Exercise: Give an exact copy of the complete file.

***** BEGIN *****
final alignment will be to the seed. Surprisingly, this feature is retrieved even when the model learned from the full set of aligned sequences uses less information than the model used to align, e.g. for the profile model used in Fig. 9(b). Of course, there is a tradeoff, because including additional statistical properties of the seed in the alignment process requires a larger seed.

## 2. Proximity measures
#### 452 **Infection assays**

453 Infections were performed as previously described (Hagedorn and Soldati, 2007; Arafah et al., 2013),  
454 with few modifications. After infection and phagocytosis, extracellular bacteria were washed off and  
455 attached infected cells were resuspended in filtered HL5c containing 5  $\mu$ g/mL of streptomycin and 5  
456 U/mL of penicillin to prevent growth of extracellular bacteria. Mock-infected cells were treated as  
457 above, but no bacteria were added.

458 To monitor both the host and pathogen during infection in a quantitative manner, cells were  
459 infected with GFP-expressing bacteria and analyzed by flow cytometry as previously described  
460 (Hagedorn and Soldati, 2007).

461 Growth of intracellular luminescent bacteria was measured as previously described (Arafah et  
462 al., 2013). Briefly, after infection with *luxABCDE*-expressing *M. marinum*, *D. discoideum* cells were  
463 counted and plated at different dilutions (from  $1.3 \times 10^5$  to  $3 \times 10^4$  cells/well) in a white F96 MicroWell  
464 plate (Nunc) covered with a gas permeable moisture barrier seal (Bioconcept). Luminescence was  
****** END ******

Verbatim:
final alignment will be to the seed. Surprisingly, this feature is retrieved even when the model learned from the full set of aligned sequences uses less information than the model used to align, e.g. for the profile model used in Fig. 9(b). Of course, there is a tradeoff, because including additional statistical properties of the seed in the alignment process requires a larger seed.

## 2. Proximity measures
#### 452 **Infection assays**

453 Infections were performed as previously described (Hagedorn and Soldati, 2007; Arafah et al., 2013),  
454 with few modifications. After infection and phagocytosis, extracellular bacteria were washed off and  
455 attached infected cells were resuspended in filtered HL5c containing 5  $\mu$ g/mL of streptomycin and 5  
456 U/mL of penicillin to prevent growth of extracellular bacteria. Mock-infected cells were treated as  
457 above, but no bacteria were added.

458 To monitor both the host and pathogen during infection in a quantitative manner, cells were  
459 infected with GFP-expressing bacteria and analyzed by flow cytometry as previously described  
460 (Hagedorn and Soldati, 2007).

461 Growth of intracellular luminescent bacteria was measured as previously described (Arafah et  
462 al., 2013). Briefly, after infection with *luxABCDE*-expressing *M. marinum*, *D. discoideum* cells were  
463 counted and plated at different dilutions (from  $1.3 \times 10^5$  to  $3 \times 10^4$  cells/well) in a white F96 MicroWell  
464 plate (Nunc) covered with a gas permeable moisture barrier seal (Bioconcept). Luminescence was  